Caitlin graduated from the School back in 2012, and after a few years working here and there she decided to pursue a career with the Civil Service as a policy manager.
What attracted you to study at Kent?
I actually only put Kent down as I needed a 5th choice. I had visited Canterbury on a school trip the previous year, and thought the university looked quite nice up on the hill with all that space, but close to the historic town. I never looked around the university itself or even looked at the modules etc. for history, until I received all my offers. I then had a look online, liked the choice available for history students in all three years, so put it down as my second choice.
How did you find your course?
I really enjoyed the course at Kent, especially the choice Kent history students got compared to friends at other universities, who only had compulsory modules until their final year. Being able to choose a good proportion of the modules taken at each stage was really important, looking back, as it helped me both specialise in history of medicine in my final two years, but also take completely unrelated modules that I was also interested in, such as the colonisation of Africa and the Anglo Saxons.
Did you take on any work experience placements during your studies?
I did one work experience placement at Maidstone Museum, for two weeks one summer.
If so, how do you think you benefited from these placements?
I found the placement helpful, if only to highlight that I didn’t want to work in a museum! It also highlighted that if I did want to work in the heritage sector, it’s quite likely I would need to gain additional qualifications on top of my degree.
Did you take part in any extra-curricular activities – student societies and/or sports clubs, part-time jobs, volunteering etc?
I was a member of a political society and the History Society, being deputy chairman and secretary of these, respectively, in my final year. I also worked part-time in restaurants and supermarkets in my first two years, and in my final year as a Student Ambassador.
If so, how did you balance these with your studies?
I found it quite hard to balance the restaurant and supermarket work with my studies, especially around the busiest times of year such as Christmas, when you would be booked onto 14 hour shifts regardless of whether you had an essay due that week. I found working for the university as a Student Ambassador far easier, as the university were very flexible and there was no pressure to take up a job unless you were free. It also paid better! Being part of the societies was easy to fit in, and at some points in third year the society meetings would be the only time I wasn’t at home working or in the library, so it gives you a reason to get away from the dissertation.
Did you sign up for the Employability Points scheme, or the Kent Union Student Certificate of Volunteering scheme? If so, did you find them useful?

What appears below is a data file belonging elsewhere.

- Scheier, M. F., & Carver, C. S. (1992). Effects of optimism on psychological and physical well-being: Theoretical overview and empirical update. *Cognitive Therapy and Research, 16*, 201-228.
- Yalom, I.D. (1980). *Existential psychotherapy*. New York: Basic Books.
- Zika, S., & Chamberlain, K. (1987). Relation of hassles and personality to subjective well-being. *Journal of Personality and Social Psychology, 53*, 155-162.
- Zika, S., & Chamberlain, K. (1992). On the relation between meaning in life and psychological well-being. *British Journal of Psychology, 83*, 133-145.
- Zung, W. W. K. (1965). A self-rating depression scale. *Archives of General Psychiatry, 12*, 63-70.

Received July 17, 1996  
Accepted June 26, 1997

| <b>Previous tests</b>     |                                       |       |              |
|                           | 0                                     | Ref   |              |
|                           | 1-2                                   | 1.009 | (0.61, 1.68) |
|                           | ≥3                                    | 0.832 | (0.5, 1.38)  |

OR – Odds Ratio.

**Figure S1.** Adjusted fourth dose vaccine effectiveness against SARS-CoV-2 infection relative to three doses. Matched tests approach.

I signed up to the Employability Points scheme part-way through my third year, in the first year it was run by the university. I did find it useful, and wish I had signed up earlier, as I found it forced me to reflect on what I was doing to help myself find a job when I graduated, and had the opportunity to go on a Tesco-run Leadership and Management course at the end of the year, thanks to the number of points I had collected. I still refer back to this course in my current role, so it has definitely been useful.
How do you think your studies and extra-curricular activities have helped your career prospects?
Studying history opens a lot of doors, although this may not be obvious at first. Historians have a reputation of being good researchers and analysts, being able to put forwards good arguments, and be able to communicate well. Combined with running two student societies, this demonstrated to employers that I had skills that were applicable to the real world, and this definitely helped me secure my first two jobs, first as a fraud investigator for an investment bank, and secondly as a local council auditor. Even now, five years on, these skills still come in handy all the time.
What are you doing now?
I’m on the second year of the Civil Service Fast Stream, rotating around different central government departments in roles ranging from an Executive Resourcing Consultant (a fancy title for a head-hunter) at HMRC, to a procurement advisor at the Department for Transport. I’m about to go on secondment to CAFCASS, an organisation made up primarily of social workers, which will be a totally different experience again.
What are your future career plans?
The Civil Service Fast Stream is a four year scheme, after which I hope to become a policy manager, leading on the development and implementation of new ideas, hopefully in the Department for Education or International Development. In the longer term, I hope to reach the senior Civil Service, and potentially even run a government department alongside ministers.
What advice would you give to anyone thinking about taking a degree at Kent?
Kent is a really well-respected university, and having a degree from Kent helped me not only in getting my first job after graduating, but also when I was applying for my MSc at Oxford, as many of the professors at Kent are well regarded as subject experts. I would encourage anyone thinking about a degree at Kent to go for it, and to take advantage of all the extra opportunities the university provides for students to gain additional skills and experiences through societies and sports clubs, Kent Union-run events, and the Employability Points Scheme (which I would encourage all students to sign up to).